Br Mark’s Christmas in Bethlehem

5 Br Mark students

Lasallian Br Mark McKeon’s experience of his first Christmas in Bethlehem in 2014 was deeply profound and will stay with him always. 

“I always remember sort of sitting in the university chapel, listening to the rings, talking about the Saviour being born in Bethlehem and I’m thinking, ‘here I am. I’m in Bethlehem now.’ It’s really emotional to realise that I’m here where it all started. It’s just got a special feel to it,” he said. 

After serving five years as the pastoral director of Holy Cross Seminary in Auckland, Br Mark was asked to come back and help out at Bethlehem University, a Catholic co-educational university in the Lasallian tradition. “It’s like coming back home again. It just feels so right to be here. I think what helped me settle in very, very quickly was just the warm welcome I got from the people in the university who were so happy that I’ve come back to the place,” he said. 

Br Mark said that Christmas in Bethlehem is ushered in with the arrival of the Custos of the Holy Land, Father Francesco Patton, to the Church of the Nativity on November 26, the day before the first Sunday of Advent. The Custos is from the Franciscan Order of Friars Minor who have been “guardians” of the Holy Land since the 1200s. 

Br Mark said that the Custos was welcomed in Manger Square with a crowd of scouts and children playing drums and bagpipes.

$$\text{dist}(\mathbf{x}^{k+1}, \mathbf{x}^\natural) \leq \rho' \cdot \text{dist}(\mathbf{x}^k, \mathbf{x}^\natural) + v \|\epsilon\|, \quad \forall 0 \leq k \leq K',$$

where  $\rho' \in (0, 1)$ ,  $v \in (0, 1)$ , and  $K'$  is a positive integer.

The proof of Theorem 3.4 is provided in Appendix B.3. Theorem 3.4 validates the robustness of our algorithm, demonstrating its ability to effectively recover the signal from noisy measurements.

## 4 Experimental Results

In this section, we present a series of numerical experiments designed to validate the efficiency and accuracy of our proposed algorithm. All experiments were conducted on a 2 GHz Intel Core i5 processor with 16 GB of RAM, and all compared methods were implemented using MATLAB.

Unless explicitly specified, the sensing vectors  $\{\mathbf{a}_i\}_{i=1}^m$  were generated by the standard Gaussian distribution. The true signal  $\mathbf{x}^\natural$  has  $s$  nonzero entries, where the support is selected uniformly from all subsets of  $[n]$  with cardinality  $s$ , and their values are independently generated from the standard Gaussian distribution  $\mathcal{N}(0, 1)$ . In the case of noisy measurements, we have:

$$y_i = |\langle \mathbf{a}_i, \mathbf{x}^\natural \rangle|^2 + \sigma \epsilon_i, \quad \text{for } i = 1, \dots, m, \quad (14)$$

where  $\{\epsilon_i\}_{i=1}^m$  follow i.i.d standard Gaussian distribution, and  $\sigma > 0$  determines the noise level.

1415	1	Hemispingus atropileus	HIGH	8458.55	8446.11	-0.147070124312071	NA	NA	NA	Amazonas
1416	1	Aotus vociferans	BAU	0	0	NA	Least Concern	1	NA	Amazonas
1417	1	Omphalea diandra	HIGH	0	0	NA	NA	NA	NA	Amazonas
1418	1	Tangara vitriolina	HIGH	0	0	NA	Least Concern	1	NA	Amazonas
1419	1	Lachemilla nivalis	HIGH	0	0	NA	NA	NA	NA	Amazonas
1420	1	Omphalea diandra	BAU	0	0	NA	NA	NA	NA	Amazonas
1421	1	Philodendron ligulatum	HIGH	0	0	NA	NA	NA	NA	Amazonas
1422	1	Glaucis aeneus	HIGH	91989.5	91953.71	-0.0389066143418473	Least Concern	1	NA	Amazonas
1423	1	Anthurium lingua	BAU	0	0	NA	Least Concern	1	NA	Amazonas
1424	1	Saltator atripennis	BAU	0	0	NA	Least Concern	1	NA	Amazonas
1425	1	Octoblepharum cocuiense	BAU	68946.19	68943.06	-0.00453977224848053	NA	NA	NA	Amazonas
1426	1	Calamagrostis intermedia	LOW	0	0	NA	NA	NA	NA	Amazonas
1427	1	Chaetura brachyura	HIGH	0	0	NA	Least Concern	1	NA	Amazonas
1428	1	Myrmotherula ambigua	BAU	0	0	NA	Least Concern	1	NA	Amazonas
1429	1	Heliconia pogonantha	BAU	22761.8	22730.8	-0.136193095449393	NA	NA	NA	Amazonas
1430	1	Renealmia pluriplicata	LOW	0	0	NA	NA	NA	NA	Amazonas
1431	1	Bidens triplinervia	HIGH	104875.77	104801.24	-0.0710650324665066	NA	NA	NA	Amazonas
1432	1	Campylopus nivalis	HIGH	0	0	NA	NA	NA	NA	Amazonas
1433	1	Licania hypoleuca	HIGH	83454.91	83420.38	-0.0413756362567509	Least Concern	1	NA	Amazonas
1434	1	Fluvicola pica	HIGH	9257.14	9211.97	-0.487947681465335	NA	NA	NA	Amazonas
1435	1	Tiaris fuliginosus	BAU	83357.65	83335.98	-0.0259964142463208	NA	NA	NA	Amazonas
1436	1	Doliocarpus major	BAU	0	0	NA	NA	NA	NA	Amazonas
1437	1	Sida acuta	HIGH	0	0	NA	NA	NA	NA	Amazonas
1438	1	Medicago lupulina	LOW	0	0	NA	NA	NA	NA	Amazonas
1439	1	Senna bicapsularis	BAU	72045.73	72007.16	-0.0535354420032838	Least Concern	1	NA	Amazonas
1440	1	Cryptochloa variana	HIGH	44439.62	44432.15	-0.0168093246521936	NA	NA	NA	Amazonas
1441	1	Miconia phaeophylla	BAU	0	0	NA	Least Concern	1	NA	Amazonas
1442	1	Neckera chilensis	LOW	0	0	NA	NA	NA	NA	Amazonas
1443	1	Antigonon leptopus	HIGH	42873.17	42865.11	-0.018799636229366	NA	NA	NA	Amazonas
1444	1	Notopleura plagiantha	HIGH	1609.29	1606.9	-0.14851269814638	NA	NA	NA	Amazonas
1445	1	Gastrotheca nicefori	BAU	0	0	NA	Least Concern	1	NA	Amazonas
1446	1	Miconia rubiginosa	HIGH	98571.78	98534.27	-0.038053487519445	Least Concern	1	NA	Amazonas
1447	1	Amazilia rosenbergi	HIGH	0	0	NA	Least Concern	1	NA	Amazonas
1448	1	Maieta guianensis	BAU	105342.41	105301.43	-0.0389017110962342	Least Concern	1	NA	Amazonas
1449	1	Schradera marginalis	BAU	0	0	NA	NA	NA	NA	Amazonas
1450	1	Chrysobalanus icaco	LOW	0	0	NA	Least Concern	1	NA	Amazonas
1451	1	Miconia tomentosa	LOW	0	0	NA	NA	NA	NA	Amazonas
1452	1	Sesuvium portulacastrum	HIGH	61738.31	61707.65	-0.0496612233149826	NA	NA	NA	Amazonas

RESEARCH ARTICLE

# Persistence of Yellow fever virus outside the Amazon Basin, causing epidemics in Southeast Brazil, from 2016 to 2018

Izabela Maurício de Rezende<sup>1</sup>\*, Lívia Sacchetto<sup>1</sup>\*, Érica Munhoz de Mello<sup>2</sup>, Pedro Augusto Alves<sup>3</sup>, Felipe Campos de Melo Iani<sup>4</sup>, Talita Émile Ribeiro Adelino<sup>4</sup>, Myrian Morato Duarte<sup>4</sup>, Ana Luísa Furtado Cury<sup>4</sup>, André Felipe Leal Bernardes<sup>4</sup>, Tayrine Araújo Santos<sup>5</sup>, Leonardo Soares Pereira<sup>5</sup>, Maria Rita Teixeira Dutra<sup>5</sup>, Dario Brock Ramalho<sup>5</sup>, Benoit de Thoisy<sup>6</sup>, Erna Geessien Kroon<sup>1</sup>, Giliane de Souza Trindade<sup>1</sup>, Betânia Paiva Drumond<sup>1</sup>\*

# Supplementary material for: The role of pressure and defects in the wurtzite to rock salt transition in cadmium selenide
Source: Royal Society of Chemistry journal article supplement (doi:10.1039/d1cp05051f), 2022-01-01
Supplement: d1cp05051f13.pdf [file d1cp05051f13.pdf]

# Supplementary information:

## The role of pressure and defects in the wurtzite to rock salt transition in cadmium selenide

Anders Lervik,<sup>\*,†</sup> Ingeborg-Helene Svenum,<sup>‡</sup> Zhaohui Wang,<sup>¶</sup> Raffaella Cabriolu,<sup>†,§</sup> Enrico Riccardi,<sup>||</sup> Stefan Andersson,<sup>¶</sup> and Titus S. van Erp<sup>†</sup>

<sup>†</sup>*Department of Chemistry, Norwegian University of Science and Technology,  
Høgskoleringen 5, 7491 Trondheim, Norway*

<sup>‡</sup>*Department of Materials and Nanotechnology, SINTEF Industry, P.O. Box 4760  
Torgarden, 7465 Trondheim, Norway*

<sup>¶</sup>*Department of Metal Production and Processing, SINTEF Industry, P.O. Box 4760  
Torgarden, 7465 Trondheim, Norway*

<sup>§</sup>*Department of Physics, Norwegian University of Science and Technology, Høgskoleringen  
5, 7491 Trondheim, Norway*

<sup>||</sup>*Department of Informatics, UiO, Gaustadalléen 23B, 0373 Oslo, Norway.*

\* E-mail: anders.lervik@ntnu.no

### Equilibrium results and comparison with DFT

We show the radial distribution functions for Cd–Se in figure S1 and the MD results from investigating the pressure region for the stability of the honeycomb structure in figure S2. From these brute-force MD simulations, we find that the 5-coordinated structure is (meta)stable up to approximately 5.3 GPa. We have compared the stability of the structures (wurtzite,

The grotto in the Church of the Nativity.

“He came in and was welcomed to the Square. Then, he went to the Church of St Catherine,” Br Mark said. After that, the Custos processed to the Grotto of the Nativity, also called the Church of Nativity. 

“What I’ve found in previous years is . . . a lot of the people who go to Manger Square are Muslims. They get up [for] the festivities of Christmas time. They like going down because they have a Christmas market as well in the Manger Square. So, they go down and get their picture taken in front of the tree,” he said. The Bethlehem Christmas tree was lit on December 4. 

“When it comes to Christmas, we (De La Salle Brothers) actually [go to] midnight Mass in the university chapel, and we invite the faculty and employees to that,” he said. 

“Following that, we go down to the Church of Nativity for Christmas Mass,” he said. “On Christmas morning, from about 2.30, every half hour, there’s a Mass in the Grotto. It’s like clockwork.” 

Br Mark said that there are currently six De La Salle brothers at the university. This Christmas, they might get together with their Lasallian brothers from Jerusalem, Jaffa and Jordan. 

Christmas traditions followed in Bethlehem revolve around food. 

“What happens is we often get delivered food from people. We’re eating Middle Eastern type food. One of the delicacies is rice and mince wrapped up in grape leaves. They’re very tasty. I tend to like the one called musakhan, which is a chicken dish with red onions all chopped up finely then served with pita bread,” he said. 

Br Mark said that the number of shops selling Christmas decorations in the predominantly Muslim area is “incredible”.